#5204925 Sending and receiving contracts

Posted by nsmadsen on 17 January 2015 - 09:30 AM

Scanning and emailing is about 99% of what I do as well.




#5204555 Price for sound design

Posted by nsmadsen on 15 January 2015 - 03:25 PM

I've seen rates vary from as low as $5 per SFX to as high as $50-75 per SFX. It's really a balancing act between:

 

- what his given budget is

- what he's WILLING to spend on sounds

- what you're willing to accept as pay for doing the work.

 

If I were in your shoes, I'd do a middle of the road figure then see what his response is like. Stress that you're willing to negoitate the cost!

 

Thanks,

 

Nate




#5204114 How do you learn to compose different genres?

Posted by nsmadsen on 13 January 2015 - 07:55 PM

But the main point is; simply by listening to different genres you can pick up some of the some of the basic differences.

 

I think we can all agree to this but our main point (in respone to you) was that to replicate a new style well, especially a complex style, solely listening may not teach you enough. But learning how to play some songs in that style or studying the actual sheet music of that song can show so much more. Many of the things you noted were surface level things - which while important - may not really show a new composer how to construct a new piece of music in that style faithfully.




#5203619 How do you learn to compose different genres?

Posted by nsmadsen on 11 January 2015 - 10:52 PM

Personally for me; I just listen. If you listen to jazz you'll know that it has a different drumming style than say rock. Also, you'll notice that the types of instruments between genres are different. In jazz you'll hear Saxophones, Trumpets, Pianos and the like. But in rock you'll mostly hear guitars and unlike in jazz; the guitars in rock are usually heavily distorted.  You'll rarely hear Saxophones and Trumpets in rock.

 

So do you understand what I'm saying? To learn to compose different genres; simply listen to them and study them.

 

Hmmm, I actually disagree with you. Simply listening to really complex music isn't good enough. Some actual study of the notes/patterns/harmonies used is going to help you dig deeper. For example, can you listen to a Charlie Bird solo and know exactly what he's doing, on a musical theory level, by just listening if you truly are new to jazz? It's doubtful. Sure you can pick up some things but getting a transcription of his solo and really analyzing it on a deeper level will yield deeper understanding. Of course if you're studying a new style that isn't that complex then, yes, listening alone could probably get you most of the way there.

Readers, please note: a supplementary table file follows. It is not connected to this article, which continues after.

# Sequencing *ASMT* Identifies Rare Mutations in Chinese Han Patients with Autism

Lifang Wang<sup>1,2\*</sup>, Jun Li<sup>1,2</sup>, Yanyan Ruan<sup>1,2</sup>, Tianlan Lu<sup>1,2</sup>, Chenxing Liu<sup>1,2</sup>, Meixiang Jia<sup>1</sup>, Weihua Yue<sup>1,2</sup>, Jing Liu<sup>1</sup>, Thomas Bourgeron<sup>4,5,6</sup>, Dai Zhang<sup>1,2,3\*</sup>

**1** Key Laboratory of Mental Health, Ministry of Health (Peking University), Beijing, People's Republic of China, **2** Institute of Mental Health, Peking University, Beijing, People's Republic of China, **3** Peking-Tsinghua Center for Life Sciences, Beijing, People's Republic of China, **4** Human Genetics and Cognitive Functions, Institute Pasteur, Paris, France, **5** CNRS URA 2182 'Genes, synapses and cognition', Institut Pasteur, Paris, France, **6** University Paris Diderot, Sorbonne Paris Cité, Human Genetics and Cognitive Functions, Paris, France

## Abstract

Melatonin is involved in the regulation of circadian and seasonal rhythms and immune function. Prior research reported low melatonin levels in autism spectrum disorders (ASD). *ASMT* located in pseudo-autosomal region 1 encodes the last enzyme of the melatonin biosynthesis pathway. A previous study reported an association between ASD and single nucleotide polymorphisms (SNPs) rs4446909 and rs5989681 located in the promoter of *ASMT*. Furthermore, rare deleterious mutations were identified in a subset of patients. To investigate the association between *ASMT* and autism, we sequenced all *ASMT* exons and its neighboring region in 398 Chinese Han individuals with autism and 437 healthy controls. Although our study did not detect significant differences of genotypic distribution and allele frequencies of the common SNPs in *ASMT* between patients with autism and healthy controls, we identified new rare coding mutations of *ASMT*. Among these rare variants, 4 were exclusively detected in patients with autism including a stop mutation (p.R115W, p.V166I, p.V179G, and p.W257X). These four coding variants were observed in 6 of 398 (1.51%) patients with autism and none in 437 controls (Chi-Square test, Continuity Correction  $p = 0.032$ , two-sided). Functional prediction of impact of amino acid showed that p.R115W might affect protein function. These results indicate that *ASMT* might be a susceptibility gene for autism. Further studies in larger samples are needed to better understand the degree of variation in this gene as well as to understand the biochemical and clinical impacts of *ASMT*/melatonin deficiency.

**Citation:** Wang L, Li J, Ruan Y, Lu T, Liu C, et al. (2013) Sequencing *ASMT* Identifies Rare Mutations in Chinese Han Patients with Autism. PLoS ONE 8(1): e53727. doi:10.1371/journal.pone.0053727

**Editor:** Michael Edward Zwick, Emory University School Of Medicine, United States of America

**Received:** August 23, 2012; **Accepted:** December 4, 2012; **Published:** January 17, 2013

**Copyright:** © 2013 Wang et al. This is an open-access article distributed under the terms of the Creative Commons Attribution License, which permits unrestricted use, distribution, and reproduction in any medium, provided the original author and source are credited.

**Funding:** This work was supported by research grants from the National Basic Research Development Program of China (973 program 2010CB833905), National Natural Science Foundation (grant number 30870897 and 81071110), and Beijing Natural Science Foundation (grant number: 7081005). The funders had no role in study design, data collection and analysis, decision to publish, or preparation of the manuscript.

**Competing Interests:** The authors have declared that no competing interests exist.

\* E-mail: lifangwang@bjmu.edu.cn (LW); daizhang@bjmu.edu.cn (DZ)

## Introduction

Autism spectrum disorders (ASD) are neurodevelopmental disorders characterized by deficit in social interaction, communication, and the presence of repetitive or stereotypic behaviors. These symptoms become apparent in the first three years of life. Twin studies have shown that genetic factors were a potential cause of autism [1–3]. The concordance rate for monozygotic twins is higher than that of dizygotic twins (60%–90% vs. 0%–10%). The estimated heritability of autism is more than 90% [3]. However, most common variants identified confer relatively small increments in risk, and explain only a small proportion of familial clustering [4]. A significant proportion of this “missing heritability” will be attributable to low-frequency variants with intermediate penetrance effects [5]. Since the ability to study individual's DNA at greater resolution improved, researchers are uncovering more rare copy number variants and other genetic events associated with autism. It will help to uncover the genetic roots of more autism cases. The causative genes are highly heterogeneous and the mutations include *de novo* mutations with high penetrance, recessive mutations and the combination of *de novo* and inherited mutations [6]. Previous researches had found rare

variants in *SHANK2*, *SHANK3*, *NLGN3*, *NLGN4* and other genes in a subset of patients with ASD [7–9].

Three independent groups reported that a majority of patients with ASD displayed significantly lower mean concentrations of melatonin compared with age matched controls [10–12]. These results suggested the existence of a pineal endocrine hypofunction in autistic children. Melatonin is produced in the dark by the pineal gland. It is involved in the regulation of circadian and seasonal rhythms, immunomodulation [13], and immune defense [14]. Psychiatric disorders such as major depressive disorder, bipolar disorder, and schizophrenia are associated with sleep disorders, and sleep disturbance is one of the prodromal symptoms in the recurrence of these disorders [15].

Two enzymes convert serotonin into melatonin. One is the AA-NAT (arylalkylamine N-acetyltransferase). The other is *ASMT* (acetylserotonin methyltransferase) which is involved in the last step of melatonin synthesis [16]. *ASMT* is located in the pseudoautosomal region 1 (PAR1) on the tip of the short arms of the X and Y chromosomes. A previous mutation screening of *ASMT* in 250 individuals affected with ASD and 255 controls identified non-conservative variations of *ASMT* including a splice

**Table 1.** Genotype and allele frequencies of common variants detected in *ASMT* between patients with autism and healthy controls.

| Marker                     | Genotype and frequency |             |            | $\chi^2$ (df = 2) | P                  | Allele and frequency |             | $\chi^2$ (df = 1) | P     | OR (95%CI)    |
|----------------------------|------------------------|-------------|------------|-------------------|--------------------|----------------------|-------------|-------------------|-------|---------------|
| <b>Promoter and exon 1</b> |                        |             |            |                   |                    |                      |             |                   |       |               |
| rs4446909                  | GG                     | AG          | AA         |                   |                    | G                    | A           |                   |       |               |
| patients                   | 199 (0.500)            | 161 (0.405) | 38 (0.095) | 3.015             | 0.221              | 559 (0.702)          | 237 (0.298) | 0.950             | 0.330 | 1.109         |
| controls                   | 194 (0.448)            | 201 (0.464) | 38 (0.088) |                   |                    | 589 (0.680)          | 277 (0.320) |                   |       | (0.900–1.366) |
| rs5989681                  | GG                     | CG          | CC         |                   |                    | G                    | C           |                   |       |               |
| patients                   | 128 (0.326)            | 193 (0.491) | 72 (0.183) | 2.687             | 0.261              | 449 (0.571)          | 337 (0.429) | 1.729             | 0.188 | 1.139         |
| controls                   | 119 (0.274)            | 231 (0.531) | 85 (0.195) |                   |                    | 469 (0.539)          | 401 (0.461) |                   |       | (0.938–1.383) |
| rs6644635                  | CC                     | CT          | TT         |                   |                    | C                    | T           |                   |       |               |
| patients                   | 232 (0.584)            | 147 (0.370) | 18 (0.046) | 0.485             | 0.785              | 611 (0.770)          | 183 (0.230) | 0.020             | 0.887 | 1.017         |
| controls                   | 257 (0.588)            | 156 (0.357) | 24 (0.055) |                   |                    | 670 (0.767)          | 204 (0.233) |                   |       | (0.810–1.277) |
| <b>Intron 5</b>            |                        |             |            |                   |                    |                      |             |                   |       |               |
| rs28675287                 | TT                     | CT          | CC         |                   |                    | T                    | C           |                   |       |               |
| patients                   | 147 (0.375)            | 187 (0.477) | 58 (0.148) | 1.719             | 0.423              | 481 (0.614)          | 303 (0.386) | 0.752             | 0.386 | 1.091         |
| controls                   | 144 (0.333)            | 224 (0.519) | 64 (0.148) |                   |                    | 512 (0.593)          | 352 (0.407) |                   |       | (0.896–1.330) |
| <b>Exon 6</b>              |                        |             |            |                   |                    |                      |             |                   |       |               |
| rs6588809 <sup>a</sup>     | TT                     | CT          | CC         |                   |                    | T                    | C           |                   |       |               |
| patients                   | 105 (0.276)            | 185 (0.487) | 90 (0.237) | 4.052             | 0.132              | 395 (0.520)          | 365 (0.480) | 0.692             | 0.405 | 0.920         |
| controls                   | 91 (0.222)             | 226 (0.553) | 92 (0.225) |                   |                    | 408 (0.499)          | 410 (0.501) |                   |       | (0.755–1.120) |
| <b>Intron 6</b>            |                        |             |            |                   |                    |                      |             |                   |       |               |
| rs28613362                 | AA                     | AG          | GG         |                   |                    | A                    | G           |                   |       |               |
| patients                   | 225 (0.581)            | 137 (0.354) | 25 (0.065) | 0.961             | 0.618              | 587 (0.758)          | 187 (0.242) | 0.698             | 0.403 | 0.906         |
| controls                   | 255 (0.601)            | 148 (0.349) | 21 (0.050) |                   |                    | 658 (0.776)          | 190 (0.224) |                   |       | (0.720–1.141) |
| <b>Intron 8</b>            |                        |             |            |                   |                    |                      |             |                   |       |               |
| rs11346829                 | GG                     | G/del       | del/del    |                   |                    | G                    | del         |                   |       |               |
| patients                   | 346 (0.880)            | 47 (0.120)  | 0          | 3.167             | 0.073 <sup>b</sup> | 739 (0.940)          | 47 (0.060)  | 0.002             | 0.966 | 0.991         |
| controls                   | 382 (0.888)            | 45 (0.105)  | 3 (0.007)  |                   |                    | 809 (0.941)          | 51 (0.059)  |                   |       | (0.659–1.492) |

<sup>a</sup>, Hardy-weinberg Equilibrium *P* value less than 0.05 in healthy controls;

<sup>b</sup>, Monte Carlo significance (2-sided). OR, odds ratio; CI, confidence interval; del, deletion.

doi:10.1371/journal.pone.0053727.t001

You'll rarely hear Saxophones and Trumpets in rock.

 

blink.png I guess we're listening to different rock playlists. Sure, there are plenty of rock tunes out there with no brass but it's very easy to find many rock tunes that do have a sax and brass section.

 

Another example - you can understand and recognize the basic call and response of a fugue but without analyzing the music itself, can you really understand all of the various ways a statement can be made? Especially when you get into retrogrades or inversions which may (or may not) be harder to pick up by only listening. Forgive me, but the observations you're pointing out by only listening are at the surface level. Of course listening is important but learning to play in that genre and studying actual pieces from that genre will help so much more. At least, in my opinion.




#5203132 I don't understand beats in music

Posted by nsmadsen on 09 January 2015 - 12:40 PM


The time signature is just a framework to be decorated in creative ways in order to emphasize a certain feel.

 

And some composers intentionally write rhythms/phrases "over the measure line" to blur or create a fusion of multiple time signatures, either for an entire song or just chunks of it.




#5202487 I don't understand beats in music

Posted by nsmadsen on 06 January 2015 - 10:27 PM


please tell me, the first video sounds better (more beautiful) than the second one, is that because the first video is played by a real musician that takes the beat/rhythm into account when playing the notes while the second video is a computer program that simply plays the notes as-is?

 

The first video sounds better because:

 

1) it's a real person playing...

2) ... on a real instrument instead of a virtual one...

3)... and it's piece is composed/arranged by Mozart, generally considered one of the greatest composers of all time.

 

Whereas the second one is a student's work. Not knocking it but most of us cannot hold a candle to Mozart.

 

:)